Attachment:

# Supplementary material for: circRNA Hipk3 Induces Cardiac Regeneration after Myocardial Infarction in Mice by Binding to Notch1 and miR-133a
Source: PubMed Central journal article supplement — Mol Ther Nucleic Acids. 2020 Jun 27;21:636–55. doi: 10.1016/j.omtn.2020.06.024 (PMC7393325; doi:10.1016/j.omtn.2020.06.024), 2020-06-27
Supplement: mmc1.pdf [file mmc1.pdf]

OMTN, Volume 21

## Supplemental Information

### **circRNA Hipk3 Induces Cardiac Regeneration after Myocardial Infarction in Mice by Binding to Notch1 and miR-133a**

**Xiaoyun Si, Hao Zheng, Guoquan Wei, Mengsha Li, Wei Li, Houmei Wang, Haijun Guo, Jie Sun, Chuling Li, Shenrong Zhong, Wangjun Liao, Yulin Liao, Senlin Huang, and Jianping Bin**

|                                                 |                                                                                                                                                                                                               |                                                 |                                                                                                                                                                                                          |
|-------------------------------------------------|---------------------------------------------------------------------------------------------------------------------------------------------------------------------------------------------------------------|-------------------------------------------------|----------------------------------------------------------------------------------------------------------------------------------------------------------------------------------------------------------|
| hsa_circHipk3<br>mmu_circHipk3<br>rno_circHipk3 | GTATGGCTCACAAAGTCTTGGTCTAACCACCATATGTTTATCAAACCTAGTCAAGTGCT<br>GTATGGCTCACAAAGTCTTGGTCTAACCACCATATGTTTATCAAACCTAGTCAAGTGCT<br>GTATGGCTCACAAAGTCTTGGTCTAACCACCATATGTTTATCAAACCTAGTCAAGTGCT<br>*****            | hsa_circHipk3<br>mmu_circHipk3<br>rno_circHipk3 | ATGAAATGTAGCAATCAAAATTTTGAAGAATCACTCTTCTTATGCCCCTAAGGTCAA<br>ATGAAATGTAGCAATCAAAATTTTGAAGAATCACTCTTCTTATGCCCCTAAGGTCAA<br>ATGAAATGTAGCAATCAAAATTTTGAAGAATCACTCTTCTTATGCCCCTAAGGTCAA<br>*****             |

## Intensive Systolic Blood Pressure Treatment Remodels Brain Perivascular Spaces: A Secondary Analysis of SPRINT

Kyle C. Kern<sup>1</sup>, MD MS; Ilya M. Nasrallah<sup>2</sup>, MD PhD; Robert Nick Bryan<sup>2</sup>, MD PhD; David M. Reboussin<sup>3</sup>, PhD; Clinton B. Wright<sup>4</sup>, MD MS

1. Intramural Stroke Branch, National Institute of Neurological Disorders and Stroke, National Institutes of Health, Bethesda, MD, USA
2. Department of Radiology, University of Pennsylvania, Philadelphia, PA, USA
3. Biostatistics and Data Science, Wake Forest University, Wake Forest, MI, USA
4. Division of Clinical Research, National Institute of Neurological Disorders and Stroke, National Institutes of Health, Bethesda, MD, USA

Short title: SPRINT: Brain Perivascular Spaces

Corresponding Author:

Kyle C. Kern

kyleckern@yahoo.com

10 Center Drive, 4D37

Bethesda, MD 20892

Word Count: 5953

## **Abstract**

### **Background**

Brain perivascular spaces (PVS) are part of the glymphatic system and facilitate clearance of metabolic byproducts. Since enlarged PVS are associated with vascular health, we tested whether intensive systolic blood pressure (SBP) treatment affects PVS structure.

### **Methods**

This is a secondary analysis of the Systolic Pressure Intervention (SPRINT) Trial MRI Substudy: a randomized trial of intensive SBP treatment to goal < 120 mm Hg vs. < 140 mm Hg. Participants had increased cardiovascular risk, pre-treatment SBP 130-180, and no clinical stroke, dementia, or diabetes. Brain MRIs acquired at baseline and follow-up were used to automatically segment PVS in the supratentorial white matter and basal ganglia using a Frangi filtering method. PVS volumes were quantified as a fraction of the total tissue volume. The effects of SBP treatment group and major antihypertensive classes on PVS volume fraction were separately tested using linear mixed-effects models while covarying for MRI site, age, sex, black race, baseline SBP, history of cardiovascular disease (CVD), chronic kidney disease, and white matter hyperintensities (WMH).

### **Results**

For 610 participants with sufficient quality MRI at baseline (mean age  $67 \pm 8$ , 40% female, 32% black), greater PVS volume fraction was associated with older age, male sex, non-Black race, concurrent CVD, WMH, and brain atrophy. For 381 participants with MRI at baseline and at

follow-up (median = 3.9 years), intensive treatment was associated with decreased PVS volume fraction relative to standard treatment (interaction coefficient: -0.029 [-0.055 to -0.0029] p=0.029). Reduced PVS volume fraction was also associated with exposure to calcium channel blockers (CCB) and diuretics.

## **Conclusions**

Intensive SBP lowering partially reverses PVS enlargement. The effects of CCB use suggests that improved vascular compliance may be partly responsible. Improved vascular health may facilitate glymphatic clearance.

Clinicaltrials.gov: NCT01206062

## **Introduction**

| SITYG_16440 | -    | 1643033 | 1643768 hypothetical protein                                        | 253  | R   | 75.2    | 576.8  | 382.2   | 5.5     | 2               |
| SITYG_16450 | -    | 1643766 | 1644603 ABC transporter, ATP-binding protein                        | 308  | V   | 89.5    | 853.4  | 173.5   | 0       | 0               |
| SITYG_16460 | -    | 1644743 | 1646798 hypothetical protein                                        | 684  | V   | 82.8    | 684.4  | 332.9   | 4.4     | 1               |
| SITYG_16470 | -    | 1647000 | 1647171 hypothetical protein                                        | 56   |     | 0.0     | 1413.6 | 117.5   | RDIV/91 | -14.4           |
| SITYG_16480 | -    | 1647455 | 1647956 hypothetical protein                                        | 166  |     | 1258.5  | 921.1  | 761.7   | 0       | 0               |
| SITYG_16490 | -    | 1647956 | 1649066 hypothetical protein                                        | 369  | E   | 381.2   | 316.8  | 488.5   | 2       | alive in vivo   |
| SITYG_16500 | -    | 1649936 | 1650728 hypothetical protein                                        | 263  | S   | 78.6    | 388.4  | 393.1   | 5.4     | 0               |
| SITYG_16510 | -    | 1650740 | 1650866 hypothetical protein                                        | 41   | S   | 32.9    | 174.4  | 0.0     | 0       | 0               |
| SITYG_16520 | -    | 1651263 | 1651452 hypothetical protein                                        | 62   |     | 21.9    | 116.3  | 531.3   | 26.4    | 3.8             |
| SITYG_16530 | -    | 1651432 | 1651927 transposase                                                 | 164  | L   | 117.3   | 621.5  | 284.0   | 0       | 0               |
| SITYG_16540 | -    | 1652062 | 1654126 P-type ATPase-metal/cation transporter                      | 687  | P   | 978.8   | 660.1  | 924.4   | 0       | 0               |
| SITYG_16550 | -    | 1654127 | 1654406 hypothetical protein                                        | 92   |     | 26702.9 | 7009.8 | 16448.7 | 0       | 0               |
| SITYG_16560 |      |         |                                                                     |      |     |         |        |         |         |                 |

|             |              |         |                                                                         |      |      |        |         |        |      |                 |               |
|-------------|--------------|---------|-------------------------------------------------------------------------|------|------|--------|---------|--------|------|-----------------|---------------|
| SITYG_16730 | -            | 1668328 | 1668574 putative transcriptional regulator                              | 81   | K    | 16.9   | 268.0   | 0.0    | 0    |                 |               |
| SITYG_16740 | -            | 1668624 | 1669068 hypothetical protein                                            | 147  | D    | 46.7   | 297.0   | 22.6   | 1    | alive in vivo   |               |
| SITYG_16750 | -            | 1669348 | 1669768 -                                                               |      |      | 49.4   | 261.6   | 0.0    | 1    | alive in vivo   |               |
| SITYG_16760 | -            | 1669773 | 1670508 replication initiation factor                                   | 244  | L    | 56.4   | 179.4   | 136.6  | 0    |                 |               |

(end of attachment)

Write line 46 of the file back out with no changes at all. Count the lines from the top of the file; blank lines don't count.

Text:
| SITYG_16540 | -    | 1652062 | 1654126 P-type ATPase-metal/cation transporter                      | 687  | P   | 978.8   | 660.1  | 924.4   | 0       | 0               |